Believe it or not we shared a dressing room…yes, in a country that doesn’t allow unmarried men and women to share a hotel room, our whole cast shared a dressing room. It was a small, enclosed, air-conditioned room with no room dividers or bathrooms to change in.
Growing up as a dancer in Canada I lost all sense of propriety when it came to my body (at least in a performer friendly environment), so the thought of changing in front of my cast mates wasn’t a problem. But it seemed a little ironic that in a place where I was suppose to cover up everything between my knees and shoulders, I was also expected to change in front of my coworkers.
Considering the official language of Qatar is Arabic, and our show was performed in English, I wasn’t sure how much of the story the audience would be able to understand, but the they seemed to really enjoy it nonetheless. Throughout the show the children were clapping and dancing along to the music. When the performance came to an end there was a loud round of applause and before we were even finished with our bows there was a line of guests waiting to greet us by the side of the stage.
I was so excited and ready to meet all of the young fans in the audience. The whole cast went out together and we had a few of the local entertainment staff accompany us as security, to ensure nobody got lost in the crowds.
I quickly realized that even though I was technically covered from wrist to ankle our costumes were still considered scandalous for Qatari culture. I wasn’t sure how the local women would react to seeing us so exposed and performing for their children. I was afraid we might be judged for our revealing costumes.
But I couldn’t have been more wrong.
All of the women were so lovely. We were greeted with smiles, and words of encouragement as we walked through the souq. Many women were asking for photos and fighting for a spot in line, and I was even handed a few babies to take pictures with. I felt like a celebrity.
The local men were also eager to take photos with the all of us foreign performers. Unfortunately, a few of my female cast mates said they were felt up while taking pictures with some of the male audience members in the crowd. In that moment it was clear that some of the men felt a sense of entitlement to the female dancers “showing off” their figures; but of course, this is an issue that many dancers (and women in general) face regardless of what they are wearing or what country they are in. However, I personally was approached by a lot of respectful male guests, many of which were taking photos with their children.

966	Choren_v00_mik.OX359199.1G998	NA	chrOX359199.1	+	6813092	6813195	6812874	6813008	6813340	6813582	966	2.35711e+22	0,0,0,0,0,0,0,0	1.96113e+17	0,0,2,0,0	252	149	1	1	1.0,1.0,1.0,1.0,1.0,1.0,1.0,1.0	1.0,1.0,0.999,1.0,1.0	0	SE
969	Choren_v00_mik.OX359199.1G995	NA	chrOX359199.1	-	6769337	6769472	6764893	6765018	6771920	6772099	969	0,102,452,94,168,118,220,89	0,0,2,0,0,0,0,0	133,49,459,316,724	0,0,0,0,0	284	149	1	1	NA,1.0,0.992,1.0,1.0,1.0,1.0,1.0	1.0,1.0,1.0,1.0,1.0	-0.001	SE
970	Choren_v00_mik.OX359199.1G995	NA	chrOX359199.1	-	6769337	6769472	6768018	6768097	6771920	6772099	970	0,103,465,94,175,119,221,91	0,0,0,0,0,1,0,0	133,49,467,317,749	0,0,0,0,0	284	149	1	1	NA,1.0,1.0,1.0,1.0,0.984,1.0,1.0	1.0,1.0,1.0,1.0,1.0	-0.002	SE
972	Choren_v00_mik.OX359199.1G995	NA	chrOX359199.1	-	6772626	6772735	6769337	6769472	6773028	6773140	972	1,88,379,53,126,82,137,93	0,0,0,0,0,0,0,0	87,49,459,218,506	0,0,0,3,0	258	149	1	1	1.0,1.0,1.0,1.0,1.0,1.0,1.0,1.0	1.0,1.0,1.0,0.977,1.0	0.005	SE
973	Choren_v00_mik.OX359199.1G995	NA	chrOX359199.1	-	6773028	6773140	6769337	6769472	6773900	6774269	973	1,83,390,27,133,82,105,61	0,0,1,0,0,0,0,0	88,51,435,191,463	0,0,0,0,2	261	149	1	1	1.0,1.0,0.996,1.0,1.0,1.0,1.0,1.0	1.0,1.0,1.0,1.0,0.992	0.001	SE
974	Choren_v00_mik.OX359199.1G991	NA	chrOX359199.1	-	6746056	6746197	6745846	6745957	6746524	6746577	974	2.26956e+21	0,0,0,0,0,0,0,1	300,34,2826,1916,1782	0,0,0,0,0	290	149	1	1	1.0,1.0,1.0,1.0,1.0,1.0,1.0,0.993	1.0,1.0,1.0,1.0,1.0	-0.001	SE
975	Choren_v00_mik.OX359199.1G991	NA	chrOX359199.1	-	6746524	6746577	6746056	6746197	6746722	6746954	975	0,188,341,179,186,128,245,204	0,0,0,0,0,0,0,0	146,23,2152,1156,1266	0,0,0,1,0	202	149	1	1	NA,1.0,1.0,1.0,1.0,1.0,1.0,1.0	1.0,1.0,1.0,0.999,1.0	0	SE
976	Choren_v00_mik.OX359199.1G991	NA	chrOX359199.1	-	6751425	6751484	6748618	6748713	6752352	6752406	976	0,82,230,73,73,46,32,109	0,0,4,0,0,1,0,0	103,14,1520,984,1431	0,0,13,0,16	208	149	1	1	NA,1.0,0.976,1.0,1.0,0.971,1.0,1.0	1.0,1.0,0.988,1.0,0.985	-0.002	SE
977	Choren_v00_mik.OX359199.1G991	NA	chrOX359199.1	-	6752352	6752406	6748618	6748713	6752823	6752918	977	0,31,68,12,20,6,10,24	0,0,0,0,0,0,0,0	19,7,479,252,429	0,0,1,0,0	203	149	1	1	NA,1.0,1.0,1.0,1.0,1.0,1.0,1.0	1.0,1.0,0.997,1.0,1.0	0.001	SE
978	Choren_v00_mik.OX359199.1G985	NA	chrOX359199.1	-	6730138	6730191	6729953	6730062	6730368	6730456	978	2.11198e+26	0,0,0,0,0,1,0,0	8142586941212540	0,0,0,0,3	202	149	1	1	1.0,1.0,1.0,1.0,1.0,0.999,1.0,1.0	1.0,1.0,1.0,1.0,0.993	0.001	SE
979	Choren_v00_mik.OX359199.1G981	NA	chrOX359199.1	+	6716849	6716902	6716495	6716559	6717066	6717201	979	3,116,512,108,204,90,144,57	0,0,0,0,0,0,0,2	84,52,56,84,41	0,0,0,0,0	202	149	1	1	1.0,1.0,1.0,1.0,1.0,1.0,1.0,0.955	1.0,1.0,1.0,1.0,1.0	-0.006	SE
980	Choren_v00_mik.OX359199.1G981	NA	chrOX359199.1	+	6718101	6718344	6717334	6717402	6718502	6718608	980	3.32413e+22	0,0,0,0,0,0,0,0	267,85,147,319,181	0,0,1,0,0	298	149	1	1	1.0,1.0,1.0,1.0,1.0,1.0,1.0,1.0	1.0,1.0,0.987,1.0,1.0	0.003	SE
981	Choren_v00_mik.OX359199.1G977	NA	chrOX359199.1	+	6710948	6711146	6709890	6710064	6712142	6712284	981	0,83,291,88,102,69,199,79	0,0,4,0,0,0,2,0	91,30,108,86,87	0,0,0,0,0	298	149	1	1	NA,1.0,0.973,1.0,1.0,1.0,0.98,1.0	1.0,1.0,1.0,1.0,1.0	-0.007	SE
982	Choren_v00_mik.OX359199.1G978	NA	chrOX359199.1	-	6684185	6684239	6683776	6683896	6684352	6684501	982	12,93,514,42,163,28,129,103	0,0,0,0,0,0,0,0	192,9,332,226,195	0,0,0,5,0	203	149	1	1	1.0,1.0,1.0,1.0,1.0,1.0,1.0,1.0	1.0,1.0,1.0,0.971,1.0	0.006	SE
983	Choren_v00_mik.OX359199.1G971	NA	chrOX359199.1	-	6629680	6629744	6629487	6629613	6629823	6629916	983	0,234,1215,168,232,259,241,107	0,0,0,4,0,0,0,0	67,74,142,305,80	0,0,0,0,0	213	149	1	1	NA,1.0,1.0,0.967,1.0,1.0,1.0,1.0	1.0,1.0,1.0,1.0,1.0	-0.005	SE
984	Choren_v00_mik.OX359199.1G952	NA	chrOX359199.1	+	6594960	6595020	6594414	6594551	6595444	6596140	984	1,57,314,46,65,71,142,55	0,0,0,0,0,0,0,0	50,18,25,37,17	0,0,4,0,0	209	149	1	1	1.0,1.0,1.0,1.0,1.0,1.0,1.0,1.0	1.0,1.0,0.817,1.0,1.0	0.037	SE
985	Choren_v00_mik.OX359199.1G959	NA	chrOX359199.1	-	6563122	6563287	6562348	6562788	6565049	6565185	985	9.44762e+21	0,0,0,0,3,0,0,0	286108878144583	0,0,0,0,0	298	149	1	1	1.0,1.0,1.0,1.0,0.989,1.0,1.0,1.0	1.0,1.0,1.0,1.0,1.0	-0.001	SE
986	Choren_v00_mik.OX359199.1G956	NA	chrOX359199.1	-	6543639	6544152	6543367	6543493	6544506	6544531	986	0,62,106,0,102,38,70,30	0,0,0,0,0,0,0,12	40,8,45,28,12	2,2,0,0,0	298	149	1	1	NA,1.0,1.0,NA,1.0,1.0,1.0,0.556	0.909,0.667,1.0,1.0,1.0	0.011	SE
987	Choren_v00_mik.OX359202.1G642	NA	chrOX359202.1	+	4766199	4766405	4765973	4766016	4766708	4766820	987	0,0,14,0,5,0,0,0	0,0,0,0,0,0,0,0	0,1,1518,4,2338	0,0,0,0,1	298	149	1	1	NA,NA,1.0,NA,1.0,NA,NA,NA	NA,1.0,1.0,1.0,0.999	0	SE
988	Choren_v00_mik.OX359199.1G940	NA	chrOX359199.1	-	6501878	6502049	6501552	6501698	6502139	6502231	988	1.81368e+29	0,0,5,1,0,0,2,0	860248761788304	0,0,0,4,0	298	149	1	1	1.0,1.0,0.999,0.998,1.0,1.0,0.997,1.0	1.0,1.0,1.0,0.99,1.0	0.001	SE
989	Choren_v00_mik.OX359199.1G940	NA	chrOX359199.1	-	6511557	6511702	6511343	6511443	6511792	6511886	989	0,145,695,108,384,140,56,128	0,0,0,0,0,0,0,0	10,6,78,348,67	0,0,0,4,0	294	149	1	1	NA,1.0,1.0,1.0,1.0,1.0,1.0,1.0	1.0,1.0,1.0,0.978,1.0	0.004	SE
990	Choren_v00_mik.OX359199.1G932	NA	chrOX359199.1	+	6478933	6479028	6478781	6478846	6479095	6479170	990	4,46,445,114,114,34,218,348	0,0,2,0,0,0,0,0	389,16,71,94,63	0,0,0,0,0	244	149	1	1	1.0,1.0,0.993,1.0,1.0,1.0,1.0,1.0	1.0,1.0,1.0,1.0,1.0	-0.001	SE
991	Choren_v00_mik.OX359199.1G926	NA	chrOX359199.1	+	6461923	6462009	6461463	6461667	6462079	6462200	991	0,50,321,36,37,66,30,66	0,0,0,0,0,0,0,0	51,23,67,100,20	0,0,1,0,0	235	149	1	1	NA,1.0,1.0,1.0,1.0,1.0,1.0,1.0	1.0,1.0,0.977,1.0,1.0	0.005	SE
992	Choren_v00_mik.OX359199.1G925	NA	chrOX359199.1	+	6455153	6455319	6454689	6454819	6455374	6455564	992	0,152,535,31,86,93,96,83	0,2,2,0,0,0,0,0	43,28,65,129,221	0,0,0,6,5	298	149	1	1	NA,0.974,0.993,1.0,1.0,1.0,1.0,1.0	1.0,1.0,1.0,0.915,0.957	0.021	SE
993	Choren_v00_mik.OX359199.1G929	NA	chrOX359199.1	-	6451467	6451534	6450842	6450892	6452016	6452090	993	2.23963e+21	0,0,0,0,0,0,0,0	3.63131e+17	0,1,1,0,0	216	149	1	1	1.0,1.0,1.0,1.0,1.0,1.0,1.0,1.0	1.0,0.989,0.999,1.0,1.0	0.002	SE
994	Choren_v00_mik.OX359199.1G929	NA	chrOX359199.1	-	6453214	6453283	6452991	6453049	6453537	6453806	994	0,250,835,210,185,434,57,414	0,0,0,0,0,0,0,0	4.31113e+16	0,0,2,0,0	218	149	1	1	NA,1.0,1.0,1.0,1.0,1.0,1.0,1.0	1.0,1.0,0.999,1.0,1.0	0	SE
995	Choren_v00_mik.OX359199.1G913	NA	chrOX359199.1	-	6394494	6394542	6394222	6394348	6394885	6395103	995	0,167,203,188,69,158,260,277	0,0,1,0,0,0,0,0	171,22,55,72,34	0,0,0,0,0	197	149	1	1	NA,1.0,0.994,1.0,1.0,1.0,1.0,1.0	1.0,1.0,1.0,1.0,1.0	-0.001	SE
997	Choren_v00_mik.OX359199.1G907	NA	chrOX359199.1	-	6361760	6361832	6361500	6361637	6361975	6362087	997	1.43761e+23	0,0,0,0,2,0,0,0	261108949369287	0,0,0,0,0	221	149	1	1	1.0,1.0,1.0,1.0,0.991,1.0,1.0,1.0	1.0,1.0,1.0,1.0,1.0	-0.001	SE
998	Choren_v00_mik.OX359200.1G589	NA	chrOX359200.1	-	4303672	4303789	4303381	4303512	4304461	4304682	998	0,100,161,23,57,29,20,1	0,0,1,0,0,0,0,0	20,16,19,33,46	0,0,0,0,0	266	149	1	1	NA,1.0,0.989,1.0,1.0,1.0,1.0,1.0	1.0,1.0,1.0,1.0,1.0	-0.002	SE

What I Learned
On one of our days off, the cast took a group trip into the desert. We were able to ride camels, drive over sand dunes and take a swim in the Persian Golf. Across the water we were able to see the border of Saudi Arabia, where women are granted very limited rights in comparison to the rest of the world. A woman in Saudi Arabia is not allowed to accept any job without the consent of a male guardian, and female Saudi Arabian performers are hard to come by. In that moment while looking over to the Saudi Arabian Shore, I couldn’t help but feel so incredibly blessed for the freedom I have been given to pursue my dreams.
Overall, I really enjoyed my time in Doha. It was such an honour to perform at such a significant festival in Qatari culture. Even though I was halfway across the world, dancing for people that didn’t necessarily speak my language, or share my same principles I was still able to create a connection through storytelling, and I am so thankful for that!